As usual, national implementation of EU-suggested actions lag behins in severla countries. This time, the action related to the national implementation plans on advancing the EU's Lisbon reform agenda. One reaon for the delay is doubts about the usefulness of the excercise.
Earlier this year, in March 2005, the Spring Council discussed the Commission's mid-term review of the Lisbon strategy to make the EU "the most dynamic and competitive knowledge-based economy in the world by 2010". As we have reported earlier, member states decided to relaunch the Lisbon strategy by focussing it on growth and employment, something that caused widespread concerns in the Adult Education communities. More to the point, the member states formally committed to taking national ownership by drawing up national action plans (NAPs) for reform and handing them in to the Commission by 15 October 2005.
This has yet to be followed up at national level by adult education organisations. As with the lobby work on national levels prior to the elections to the European Parliament this is crucial when trying to advocate for the need and use of adult eduation. The risk reminas that the new focus together with NAPs focused on job growth will miss the mark, and forget earlier commitments on strenghtening the role of civil society and education.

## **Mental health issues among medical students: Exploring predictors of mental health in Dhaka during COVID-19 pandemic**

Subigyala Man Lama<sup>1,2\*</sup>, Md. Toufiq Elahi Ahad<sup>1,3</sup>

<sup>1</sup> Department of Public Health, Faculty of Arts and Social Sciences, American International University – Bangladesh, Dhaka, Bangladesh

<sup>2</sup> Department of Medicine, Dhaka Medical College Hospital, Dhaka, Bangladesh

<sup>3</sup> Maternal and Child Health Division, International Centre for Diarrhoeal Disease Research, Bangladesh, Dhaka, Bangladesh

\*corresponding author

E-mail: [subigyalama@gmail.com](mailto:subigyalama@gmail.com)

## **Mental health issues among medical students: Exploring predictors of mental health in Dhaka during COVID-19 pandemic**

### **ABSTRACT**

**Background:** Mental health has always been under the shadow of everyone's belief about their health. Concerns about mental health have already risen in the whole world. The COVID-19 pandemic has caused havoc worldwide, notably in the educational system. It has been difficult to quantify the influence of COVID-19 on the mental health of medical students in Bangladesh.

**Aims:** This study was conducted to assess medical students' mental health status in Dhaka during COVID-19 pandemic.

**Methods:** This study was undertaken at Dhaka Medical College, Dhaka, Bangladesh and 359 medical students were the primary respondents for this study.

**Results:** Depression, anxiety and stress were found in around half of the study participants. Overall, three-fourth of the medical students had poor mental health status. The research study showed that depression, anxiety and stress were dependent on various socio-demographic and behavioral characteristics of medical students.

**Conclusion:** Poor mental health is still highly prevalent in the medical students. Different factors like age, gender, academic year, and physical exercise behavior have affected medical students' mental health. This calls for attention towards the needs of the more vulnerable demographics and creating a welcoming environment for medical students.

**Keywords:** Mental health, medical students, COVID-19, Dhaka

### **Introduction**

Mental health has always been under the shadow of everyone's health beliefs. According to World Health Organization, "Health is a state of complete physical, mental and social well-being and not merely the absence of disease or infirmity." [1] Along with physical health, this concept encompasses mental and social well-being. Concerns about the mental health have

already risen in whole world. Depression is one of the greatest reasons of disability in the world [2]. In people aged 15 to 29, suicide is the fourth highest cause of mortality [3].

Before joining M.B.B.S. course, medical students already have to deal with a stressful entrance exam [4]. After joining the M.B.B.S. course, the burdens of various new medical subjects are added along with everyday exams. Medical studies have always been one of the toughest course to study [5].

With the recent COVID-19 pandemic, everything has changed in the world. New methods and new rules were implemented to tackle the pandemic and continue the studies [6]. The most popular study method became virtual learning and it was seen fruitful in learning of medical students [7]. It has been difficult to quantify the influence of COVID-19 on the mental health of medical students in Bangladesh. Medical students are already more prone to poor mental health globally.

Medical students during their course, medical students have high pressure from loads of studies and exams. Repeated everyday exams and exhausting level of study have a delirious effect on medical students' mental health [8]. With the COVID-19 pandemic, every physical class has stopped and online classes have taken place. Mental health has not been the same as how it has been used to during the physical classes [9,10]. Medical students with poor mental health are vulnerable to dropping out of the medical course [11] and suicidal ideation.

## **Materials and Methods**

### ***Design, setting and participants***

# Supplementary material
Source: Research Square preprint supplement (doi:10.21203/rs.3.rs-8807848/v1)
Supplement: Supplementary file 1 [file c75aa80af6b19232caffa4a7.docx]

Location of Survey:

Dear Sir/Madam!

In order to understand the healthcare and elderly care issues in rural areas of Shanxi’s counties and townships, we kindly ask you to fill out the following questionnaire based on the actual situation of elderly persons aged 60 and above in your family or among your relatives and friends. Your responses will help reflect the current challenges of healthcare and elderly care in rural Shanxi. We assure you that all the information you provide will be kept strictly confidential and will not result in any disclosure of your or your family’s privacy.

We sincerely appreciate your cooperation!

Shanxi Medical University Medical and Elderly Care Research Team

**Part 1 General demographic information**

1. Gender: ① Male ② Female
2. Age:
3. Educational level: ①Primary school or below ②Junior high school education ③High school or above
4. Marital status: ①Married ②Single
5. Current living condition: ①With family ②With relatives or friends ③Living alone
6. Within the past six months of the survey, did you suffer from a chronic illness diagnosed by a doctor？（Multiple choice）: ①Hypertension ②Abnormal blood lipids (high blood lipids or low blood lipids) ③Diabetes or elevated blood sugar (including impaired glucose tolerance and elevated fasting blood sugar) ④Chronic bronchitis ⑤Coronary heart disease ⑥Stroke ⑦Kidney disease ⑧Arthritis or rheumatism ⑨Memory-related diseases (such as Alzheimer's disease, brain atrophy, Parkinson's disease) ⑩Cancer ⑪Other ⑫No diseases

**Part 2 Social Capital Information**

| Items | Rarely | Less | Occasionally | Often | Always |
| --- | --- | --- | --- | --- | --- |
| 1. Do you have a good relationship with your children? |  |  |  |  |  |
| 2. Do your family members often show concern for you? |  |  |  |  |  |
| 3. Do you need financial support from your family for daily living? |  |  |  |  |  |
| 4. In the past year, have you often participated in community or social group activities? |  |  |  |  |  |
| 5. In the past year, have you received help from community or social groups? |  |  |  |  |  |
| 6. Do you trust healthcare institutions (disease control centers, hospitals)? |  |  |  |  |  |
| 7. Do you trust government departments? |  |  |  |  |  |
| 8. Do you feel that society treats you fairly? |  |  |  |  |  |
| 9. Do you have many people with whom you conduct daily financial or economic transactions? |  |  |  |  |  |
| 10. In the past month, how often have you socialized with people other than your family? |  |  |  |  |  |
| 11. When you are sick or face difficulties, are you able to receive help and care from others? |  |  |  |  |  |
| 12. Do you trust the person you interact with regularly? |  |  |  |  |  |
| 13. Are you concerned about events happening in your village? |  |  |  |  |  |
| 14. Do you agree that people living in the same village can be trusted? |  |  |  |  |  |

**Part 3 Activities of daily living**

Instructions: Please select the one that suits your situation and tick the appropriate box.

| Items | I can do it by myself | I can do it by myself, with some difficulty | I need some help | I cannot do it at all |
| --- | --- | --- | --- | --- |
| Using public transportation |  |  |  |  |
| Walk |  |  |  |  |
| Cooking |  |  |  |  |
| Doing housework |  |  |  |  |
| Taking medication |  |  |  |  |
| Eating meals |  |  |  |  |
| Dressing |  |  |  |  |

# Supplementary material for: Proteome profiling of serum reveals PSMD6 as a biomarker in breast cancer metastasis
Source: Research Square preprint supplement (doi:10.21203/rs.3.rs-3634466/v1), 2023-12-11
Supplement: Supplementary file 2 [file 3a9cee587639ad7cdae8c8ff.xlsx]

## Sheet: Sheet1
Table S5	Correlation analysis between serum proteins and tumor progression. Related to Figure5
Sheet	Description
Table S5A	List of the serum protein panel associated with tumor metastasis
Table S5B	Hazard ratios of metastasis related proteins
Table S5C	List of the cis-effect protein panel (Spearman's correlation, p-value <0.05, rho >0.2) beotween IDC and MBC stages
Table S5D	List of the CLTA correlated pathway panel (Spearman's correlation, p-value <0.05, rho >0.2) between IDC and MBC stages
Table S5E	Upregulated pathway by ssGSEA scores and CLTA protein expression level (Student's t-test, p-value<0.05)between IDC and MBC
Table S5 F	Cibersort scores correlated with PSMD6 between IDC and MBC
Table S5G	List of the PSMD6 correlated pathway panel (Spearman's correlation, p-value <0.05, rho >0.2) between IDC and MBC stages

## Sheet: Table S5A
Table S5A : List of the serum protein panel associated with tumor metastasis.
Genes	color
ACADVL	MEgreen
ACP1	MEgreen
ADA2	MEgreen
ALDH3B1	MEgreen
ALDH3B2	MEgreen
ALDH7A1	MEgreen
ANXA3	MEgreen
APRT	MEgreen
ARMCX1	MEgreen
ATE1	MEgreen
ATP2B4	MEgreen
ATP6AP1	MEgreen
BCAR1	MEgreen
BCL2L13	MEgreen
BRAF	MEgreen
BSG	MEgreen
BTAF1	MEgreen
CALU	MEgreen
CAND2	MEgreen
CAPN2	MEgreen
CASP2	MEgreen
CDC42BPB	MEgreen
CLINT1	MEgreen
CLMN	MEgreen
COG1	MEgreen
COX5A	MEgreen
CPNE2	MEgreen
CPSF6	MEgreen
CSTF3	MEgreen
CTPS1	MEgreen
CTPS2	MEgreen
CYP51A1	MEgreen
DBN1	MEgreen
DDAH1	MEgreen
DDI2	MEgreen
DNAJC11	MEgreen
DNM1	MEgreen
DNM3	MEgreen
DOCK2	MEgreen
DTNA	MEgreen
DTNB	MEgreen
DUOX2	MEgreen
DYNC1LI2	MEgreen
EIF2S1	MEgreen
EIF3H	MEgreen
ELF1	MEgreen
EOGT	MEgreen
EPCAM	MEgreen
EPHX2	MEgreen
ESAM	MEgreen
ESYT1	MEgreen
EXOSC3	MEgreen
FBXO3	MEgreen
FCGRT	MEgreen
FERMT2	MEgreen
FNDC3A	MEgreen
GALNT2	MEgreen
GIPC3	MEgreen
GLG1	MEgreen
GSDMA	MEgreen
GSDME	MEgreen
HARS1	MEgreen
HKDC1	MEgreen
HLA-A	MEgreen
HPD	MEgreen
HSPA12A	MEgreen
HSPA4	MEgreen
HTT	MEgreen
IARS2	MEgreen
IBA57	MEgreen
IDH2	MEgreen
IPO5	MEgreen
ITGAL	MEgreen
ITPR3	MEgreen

In June 2005, the European Council adopted integrated economic and employment guidelines. It was agreed that these guidelines should form the basis of the national action plans.
With their focus on macroeconomic policy (fiscal discipline and growth-oriented spending), microeconomic reforms (internal market, entrepreneurship, R&D spending) and employment (labour market improvements, education, and modernising social protection systems) it is clear that education is being overlooked.
Once the NAPs have been approved (with or without delays) and submitted to the Commission, they will be assessed. An Annual Progress Report will be set up, starting in January 2006. Governments are expected to report on the implementation of their NAPs by October 2006.
The focus must remain on the content of these NAPs, as we have reported earlier some om them are very hastily put together, more to fulfill the requirements, than to offer anything substancially new. This would indicate that AE organisations might still have a task in improving these plans, and help focus them on central issues, rather than offering a variety of status reports and vague wording. If the NAPs are to be any useful, they need to be rather concrete.